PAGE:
With the growing concerns over the credit crunch and the main government attention going to the big players in the world of commerce, it is essential that all small businesses support each other to survive this economic gloom. For those who acknowledge the impact the economic downturn can have Jazel Design may be the answer. They can take your business online and open up new business channels for you.

Traditional web design agencies have catered for all organisations large and small; however this web design agency understands that the requirements of a small business are substantially different from the requirements of a large organisation. With this in mind they provide a tailored service which accounts for small businesses budgets too.

Offering brochure sites at discount prices Jazel Design also offers services such as Flash animations to set your websites apart as well as blogging software for the more ambitious business owner.

If one requires a logo for their new website or offline business, Jazel design can do that too.

Jazel Design is an expert web design company specialising in effective web design for small businesses. Contact today for your free affordable custom quote.

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Facts About Small Businesses in Ireland During 2008

This report presents a comprehensive picture of the contribution of small enterprises in Ireland. The report contains data on the contribution of small businesses in industry, services and construction, as well as statistics on the labor, the knowledge-based economy and workforce. It also includes international comparisons.

In the report, a small business is defined as an enterprise which employs fewer than 50 people. Statistics on medium (50-249 persons) and large enterprises (250 or more people) are included for comparison.

Highlights of the report are:

Industry: Production and employment dominated by medium and large enterprises

* In 2005, four of the five industrial companies (81%) were small businesses with fewer than 50 employees. This company employs 50,000 people, slightly more than one fifth of total industrial employment. * The larger companies (50 or more persons) employed 181,100 people in 2005 and generated 93% of the total turnover in the industry. * The vast majority of small industrial firms were Irish owned (95%). Nearly 42% of larger companies are foreign-owned.

Services: More than 380,000 employees of small businesses in the service sector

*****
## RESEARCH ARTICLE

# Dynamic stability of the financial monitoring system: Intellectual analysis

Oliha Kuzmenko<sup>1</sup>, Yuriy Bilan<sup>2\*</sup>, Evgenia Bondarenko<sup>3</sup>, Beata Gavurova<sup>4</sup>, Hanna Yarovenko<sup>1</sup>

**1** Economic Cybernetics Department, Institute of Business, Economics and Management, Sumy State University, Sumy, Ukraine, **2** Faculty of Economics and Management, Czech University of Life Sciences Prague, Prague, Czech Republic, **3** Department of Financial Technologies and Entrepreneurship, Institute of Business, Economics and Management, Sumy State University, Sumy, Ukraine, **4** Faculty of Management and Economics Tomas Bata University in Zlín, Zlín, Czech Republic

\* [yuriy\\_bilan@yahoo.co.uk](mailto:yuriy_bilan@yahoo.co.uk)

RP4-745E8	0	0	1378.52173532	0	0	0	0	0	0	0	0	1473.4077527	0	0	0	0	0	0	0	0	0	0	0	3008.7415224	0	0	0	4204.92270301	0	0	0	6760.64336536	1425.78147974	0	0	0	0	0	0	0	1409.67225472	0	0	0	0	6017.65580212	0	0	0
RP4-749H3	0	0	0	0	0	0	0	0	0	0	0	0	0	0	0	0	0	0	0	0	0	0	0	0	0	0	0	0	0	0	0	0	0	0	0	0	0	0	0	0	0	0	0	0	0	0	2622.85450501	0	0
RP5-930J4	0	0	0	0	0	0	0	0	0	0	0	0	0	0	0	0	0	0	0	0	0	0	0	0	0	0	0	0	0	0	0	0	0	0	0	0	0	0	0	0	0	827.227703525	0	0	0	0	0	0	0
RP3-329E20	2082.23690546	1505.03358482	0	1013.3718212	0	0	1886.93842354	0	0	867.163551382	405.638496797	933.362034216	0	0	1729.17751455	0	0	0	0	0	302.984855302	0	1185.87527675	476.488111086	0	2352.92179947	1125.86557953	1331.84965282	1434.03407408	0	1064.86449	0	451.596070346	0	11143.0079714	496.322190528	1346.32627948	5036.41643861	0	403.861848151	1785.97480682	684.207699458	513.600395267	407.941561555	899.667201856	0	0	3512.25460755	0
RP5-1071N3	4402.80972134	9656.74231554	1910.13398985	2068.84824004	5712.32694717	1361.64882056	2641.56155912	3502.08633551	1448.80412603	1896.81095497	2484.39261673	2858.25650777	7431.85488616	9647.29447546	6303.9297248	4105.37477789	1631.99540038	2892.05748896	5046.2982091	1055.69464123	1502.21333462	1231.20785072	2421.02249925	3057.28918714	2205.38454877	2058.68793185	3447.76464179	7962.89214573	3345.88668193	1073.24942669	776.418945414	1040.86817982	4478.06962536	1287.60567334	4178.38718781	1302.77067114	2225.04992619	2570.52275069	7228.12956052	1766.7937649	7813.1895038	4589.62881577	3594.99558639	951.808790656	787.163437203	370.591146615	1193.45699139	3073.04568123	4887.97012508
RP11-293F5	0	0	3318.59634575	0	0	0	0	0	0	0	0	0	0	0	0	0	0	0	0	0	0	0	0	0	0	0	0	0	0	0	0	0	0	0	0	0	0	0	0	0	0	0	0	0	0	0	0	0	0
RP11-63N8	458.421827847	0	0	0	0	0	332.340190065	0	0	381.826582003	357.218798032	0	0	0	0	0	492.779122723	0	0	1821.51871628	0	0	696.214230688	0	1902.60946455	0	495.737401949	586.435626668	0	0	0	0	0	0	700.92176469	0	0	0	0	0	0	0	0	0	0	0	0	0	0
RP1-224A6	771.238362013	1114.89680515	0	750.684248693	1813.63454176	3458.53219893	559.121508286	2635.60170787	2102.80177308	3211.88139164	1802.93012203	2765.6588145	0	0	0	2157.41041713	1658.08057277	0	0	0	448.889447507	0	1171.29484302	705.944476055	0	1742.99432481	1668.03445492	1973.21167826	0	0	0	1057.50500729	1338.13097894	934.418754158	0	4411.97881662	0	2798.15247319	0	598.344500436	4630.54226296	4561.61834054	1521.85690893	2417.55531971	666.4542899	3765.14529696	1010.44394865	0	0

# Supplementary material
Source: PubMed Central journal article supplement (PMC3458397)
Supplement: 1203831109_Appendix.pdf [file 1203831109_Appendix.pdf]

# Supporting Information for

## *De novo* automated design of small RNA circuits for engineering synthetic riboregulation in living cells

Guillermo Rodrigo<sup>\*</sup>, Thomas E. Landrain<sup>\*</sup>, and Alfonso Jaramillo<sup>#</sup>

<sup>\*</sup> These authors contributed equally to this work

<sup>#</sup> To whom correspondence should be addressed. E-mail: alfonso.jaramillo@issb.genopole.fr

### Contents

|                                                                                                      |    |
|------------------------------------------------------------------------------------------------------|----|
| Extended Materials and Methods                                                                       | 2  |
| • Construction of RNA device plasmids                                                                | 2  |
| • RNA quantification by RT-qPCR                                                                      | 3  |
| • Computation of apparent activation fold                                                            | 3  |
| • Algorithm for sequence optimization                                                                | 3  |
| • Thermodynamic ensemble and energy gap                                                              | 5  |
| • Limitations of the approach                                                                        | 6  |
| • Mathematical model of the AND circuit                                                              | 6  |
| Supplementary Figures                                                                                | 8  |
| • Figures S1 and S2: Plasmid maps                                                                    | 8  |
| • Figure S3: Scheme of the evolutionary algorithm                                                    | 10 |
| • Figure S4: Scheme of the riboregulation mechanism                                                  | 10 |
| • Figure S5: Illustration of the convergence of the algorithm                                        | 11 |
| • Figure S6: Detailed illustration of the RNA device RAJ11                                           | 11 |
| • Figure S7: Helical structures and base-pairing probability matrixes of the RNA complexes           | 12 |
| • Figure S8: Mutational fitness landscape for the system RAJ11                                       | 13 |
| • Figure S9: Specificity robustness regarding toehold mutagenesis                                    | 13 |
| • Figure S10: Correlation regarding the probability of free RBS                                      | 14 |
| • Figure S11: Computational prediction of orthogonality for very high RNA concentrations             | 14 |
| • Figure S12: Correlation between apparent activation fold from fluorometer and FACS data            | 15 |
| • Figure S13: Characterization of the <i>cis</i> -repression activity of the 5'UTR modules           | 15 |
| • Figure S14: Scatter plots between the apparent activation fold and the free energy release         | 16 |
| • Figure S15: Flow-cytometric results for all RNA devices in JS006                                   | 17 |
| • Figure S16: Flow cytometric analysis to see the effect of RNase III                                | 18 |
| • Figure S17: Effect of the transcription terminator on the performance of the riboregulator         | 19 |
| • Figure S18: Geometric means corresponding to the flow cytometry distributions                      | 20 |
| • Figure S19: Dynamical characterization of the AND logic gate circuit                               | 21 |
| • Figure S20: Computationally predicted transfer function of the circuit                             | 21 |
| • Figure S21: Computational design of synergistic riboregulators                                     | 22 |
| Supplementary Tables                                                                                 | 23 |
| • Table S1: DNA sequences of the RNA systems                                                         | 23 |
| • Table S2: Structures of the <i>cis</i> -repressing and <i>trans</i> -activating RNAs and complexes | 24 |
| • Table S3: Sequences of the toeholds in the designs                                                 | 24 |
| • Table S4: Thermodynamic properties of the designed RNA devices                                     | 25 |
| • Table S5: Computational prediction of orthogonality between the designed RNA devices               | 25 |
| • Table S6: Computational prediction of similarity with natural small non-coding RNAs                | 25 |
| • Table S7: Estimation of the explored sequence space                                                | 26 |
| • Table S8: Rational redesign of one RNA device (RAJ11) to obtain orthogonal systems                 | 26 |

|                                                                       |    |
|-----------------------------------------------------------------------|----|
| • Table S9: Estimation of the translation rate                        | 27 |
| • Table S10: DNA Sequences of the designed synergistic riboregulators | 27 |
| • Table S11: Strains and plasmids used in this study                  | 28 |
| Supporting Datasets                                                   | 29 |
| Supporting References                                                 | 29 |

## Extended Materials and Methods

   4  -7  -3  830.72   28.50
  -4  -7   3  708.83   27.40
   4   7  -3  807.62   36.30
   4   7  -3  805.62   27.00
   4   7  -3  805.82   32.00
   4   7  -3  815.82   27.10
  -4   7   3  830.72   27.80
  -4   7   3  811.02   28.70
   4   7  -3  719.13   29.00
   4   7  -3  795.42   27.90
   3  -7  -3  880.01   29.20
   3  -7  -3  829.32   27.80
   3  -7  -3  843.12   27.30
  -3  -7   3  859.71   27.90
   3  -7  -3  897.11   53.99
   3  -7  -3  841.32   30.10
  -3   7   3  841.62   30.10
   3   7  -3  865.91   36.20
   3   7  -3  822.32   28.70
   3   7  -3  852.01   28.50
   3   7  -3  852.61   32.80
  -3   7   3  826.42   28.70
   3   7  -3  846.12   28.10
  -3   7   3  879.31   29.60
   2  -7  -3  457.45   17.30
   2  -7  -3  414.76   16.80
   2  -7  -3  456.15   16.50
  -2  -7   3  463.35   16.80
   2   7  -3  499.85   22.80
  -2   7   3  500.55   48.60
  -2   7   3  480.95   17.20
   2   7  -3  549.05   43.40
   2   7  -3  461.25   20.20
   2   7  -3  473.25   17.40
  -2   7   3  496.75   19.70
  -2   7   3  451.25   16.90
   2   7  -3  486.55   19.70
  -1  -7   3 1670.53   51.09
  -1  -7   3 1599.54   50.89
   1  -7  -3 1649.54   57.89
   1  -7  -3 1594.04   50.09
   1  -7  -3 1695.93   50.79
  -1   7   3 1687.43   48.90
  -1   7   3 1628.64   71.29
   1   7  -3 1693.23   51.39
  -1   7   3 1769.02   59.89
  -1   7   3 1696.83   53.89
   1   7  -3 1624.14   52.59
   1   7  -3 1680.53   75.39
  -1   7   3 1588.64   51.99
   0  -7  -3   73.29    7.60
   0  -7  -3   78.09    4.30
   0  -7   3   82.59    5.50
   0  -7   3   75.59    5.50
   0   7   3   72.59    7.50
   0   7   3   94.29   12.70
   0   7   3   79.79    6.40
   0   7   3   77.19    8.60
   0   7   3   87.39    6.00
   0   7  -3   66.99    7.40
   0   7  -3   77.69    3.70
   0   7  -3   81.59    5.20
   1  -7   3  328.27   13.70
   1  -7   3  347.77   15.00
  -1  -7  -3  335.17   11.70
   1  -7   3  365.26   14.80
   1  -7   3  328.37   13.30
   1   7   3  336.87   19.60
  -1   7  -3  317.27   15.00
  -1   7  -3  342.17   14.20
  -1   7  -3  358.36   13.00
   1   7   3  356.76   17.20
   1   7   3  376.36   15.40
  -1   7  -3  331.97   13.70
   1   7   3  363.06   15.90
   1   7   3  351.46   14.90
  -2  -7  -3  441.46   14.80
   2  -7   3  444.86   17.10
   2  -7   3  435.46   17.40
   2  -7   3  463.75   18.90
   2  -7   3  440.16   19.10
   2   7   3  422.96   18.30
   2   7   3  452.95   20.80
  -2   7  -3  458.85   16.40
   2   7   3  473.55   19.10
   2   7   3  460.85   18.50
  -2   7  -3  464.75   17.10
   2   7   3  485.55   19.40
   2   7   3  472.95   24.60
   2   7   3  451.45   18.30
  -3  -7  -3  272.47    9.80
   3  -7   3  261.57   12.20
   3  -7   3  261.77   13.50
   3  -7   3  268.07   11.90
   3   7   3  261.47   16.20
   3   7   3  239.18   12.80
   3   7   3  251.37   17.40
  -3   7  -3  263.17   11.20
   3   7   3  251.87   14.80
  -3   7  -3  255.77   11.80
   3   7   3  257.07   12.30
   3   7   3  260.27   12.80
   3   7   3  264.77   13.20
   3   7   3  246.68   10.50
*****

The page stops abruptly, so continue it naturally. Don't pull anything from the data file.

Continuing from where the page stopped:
* In the service sector, almost all companies (98%) were small. There were 82,100 small businesses, employing over 380,000 people in the service sector in 2005. That was more than half of total employment in this sector. * Small businesses account for nearly half (49%) of total turnover in the services sector, and generates a turnover of nearly ? 81.6bn in 2005. * Nearly half of small businesses in the service sector are the property of the family (47%). The vast majority of these family businesses employed fewer than 10 people.

Construction: Small businesses occupied two thirds of all people who work in construction

* According to the Quarterly National Household Survey, there were 253,200 employed in construction in the fourth quarter of 2005. Of these, 211,000 have indicated that they worked in small businesses (fewer than 50 employees), while 24,500 have indicated that they worked in large enterprises (50 or more employees). A further 17,600 not specify the number of employees to their jobs.

* Among the 253,200 people employed in the construction industry, more than 65% worked for very small concerns employing less tha ten people.

Salaries and wages: 54% of private sector employees in small firms earned between ? 10 - ? 20 per hour in 2006

* The average hourly wage in small businesses were ? 15.22 in 2006 compared to ? 19.38 in companies with 50 or more workers in 2006.

* The average annual salary for employees in a small business amounted to ? 32,453 in 2006. The average wage in large enterprises was ? 44,794 per year.

Knowledge-based economy: the larger companies have shown higher levels of e-government activities

* Small businesses generally not more modern information and communication technology than larger companies.

* Almost all companies with 10 or more employees were connected to the Internet that two-thirds of businesses with fewer than 10 employees to use the Internet.

Size of work: almost 56% of employment in small workplaces

* In all areas, 56% of jobs in workplaces where fewer than 50 persons were employed in the second quarter of 2007. A total of 1175800 people worked in small workplaces. Of these, 839,300 were employees, 216,600 are self-employed and 107,900 are self-employed with employees. These figures include agriculture and the public sector and the economy.

* Among the 316,300 non-Irish nationals in employment in the second quarter of 2007, less than half (47%) worked in small workplaces.

EU comparison, the value added in small construction firms in Ireland was three times the EU average in 2005

* Almost three-quarters of production in Ireland turnover was generated by large companies, while the EU average was 60%.

* In 2005, Ireland is recorded but the gross value added per employee of ? 51,600 in the distribution of services. The EU average was ? 33,000 per employee. * The gross value added per employee in the construction industry in Ireland was significantly higher than the EU average for all types of employment dimension.